Twenty-five percent of Brits ages 18-24 admit to such a sedentary life style that they only walk 5 minutes a day. That’s barely enough time during the day to get to the kitchen from their computer chair!
A recent survey asked 2,000 young adults in the UK about how much they move. On average, women walk about 12 minutes a day and men walk about 8. This despite the fact that the British Heart Foundation and the Centers for Disease Control and Prevention (CDC) in the U.S. both recommend at least 30 minutes of walking each day and list many health benefits of the practice. They suggest that breaking up the 30 minutes into three 10 minutes walks a day can help. Even someone working full time in an office can manage that during their lunch hour or during a coffee break.
But, still, the young people aren’t moving. Ask their parents and they will say absolutely it’s the age of technology. “Back in the day…” parents say they walked more often and went more places. Now, the youth are glued to their computers and smart phones. What do the young people themselves say? The number one response is that they don’t have anyone to walk with. With so much of their social interactions happening online instead of in person, it’s hard to find someone to share exercise with.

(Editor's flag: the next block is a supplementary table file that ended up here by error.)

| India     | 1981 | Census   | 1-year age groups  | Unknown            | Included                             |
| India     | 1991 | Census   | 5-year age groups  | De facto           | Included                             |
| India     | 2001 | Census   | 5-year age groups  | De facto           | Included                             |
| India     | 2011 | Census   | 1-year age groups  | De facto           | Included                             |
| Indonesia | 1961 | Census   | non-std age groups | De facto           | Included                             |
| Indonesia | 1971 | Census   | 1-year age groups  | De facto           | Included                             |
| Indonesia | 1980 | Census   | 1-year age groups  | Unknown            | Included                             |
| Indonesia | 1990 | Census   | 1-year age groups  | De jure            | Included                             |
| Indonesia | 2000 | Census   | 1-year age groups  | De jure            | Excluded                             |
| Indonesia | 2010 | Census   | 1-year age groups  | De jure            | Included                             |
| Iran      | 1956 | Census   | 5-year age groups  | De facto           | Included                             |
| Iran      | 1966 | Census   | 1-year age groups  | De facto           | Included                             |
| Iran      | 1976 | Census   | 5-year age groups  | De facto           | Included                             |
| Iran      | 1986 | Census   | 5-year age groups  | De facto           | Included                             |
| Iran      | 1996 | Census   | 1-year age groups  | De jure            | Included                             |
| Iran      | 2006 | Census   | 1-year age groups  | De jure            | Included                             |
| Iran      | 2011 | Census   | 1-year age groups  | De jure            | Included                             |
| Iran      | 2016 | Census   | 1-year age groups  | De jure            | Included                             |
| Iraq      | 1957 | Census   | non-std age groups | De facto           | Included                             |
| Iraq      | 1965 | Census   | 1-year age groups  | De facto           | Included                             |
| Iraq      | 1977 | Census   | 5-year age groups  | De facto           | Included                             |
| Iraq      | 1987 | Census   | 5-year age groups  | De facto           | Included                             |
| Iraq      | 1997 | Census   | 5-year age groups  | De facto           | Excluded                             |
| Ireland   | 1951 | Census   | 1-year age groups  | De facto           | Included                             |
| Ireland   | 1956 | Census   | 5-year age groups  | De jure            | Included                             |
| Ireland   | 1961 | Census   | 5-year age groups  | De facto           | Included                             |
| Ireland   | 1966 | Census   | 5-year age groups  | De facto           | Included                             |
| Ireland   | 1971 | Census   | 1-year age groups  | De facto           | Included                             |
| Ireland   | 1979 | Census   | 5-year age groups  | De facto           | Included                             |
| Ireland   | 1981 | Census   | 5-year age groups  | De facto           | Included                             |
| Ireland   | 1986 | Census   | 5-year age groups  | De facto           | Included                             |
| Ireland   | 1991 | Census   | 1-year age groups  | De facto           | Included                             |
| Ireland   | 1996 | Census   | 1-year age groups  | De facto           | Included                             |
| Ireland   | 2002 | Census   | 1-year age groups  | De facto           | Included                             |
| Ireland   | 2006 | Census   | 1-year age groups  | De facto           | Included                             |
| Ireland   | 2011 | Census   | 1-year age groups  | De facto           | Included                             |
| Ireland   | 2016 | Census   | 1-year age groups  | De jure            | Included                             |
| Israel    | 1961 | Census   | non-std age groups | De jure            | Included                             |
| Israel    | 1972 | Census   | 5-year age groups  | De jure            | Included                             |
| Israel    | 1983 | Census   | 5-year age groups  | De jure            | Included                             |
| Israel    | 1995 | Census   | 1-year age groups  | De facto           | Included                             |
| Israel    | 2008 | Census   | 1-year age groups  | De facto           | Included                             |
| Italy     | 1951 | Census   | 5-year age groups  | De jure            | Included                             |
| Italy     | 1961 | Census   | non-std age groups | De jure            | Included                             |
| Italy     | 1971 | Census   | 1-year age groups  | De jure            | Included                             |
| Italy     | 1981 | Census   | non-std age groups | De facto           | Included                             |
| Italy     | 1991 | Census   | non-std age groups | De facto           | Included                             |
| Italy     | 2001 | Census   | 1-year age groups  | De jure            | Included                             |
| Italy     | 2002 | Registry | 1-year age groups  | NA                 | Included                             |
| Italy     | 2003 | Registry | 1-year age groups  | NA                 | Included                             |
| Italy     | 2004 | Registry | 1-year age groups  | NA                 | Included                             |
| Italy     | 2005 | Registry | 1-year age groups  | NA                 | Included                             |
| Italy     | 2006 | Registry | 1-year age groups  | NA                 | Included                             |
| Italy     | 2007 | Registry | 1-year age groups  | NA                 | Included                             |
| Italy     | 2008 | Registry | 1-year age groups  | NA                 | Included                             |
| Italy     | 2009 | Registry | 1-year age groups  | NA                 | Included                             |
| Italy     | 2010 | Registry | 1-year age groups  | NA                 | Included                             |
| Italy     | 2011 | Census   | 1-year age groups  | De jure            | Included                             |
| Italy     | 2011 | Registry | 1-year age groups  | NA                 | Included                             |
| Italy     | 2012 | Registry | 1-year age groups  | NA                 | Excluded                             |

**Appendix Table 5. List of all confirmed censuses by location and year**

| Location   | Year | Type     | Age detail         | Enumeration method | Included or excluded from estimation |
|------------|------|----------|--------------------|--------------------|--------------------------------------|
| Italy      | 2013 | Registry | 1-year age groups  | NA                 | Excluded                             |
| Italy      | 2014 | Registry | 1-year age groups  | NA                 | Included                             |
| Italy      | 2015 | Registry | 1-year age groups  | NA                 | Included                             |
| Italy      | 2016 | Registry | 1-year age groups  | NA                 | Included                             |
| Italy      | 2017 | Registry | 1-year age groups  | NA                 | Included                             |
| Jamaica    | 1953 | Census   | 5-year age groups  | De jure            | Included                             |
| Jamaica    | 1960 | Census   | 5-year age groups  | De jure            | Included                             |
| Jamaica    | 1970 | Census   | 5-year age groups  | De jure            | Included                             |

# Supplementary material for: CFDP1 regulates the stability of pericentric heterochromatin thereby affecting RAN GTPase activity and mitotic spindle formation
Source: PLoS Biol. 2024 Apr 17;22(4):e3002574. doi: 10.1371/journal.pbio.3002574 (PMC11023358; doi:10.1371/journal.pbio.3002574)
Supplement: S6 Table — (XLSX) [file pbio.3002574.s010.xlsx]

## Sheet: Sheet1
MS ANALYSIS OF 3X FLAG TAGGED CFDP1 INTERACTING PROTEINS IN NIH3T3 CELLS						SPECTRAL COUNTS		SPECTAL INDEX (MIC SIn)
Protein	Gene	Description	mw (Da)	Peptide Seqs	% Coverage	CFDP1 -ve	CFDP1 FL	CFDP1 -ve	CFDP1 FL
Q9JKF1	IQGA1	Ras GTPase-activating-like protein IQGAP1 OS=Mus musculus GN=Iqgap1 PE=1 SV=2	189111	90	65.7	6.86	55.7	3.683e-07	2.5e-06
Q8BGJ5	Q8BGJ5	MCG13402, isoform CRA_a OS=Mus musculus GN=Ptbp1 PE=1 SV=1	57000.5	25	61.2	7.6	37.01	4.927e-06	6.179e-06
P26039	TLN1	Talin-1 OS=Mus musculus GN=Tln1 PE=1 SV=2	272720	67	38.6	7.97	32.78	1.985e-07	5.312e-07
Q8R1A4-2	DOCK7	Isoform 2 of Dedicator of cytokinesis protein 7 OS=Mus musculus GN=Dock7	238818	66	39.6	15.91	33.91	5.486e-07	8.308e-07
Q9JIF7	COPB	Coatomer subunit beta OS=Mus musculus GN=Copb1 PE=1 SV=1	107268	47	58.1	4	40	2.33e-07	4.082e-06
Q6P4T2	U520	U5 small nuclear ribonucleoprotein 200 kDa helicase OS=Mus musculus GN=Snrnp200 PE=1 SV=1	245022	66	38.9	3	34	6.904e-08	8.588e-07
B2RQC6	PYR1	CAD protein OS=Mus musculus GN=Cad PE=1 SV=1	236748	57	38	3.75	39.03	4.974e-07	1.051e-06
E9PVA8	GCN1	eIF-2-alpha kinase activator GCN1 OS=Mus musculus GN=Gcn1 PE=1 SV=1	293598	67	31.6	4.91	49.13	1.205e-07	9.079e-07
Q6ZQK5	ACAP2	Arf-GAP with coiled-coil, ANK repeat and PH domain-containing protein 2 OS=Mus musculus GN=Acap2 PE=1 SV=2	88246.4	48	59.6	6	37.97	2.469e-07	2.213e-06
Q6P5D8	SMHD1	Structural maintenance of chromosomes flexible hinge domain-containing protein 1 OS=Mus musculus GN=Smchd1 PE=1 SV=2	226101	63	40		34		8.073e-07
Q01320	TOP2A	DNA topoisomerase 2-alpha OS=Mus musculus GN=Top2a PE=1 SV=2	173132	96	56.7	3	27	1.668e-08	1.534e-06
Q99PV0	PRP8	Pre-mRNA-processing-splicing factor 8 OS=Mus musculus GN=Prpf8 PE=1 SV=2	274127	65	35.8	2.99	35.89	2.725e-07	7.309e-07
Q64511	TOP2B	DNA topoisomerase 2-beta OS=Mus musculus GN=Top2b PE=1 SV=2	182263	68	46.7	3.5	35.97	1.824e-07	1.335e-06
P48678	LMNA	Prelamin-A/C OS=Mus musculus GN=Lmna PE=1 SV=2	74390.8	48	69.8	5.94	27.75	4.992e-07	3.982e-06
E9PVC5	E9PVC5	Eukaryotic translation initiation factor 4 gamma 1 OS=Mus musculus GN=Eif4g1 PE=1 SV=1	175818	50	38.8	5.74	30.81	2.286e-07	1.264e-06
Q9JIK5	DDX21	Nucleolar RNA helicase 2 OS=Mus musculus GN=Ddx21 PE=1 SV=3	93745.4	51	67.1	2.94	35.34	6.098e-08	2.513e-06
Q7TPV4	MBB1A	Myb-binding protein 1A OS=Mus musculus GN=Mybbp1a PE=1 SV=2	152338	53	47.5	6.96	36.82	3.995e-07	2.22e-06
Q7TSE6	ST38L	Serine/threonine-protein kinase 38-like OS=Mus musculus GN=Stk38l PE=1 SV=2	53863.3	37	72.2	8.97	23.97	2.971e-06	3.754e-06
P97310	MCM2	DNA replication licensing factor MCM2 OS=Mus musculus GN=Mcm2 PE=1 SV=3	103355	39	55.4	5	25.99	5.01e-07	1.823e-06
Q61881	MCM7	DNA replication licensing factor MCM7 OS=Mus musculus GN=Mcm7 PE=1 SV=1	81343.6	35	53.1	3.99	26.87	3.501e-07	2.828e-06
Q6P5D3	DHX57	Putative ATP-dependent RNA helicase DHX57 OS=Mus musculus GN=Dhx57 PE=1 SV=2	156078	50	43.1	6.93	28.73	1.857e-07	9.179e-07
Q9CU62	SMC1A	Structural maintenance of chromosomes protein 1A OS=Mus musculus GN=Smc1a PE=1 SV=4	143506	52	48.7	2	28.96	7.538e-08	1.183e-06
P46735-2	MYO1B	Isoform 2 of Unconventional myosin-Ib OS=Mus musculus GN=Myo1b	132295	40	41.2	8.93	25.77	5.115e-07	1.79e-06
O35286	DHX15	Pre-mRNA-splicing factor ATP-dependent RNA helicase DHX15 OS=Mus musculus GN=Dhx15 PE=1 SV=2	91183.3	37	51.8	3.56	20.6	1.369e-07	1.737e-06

Other reason Brits say they skip their daily walk? Most women say they either lack the energy or the weather is poor. Men said that they either have no time or their schedule is too busy. Similar excuses resound in the US.
“Walking can usually fit easily into your daily routine and something as simple as choosing to walk even part of the way to work instead of taking the car or bus can have a huge impact on your health,” said Paula Franklin, a manager for the British healthcare company Bupa. “For example, adding just 20 minutes walking to your day can dramatically reduce the risk of cardiovascular disease, which includes heart disease and strokes.”
Ironically, 12% of the people who responded to the online survey said that their current lack of physical fitness was their excuse for not walking.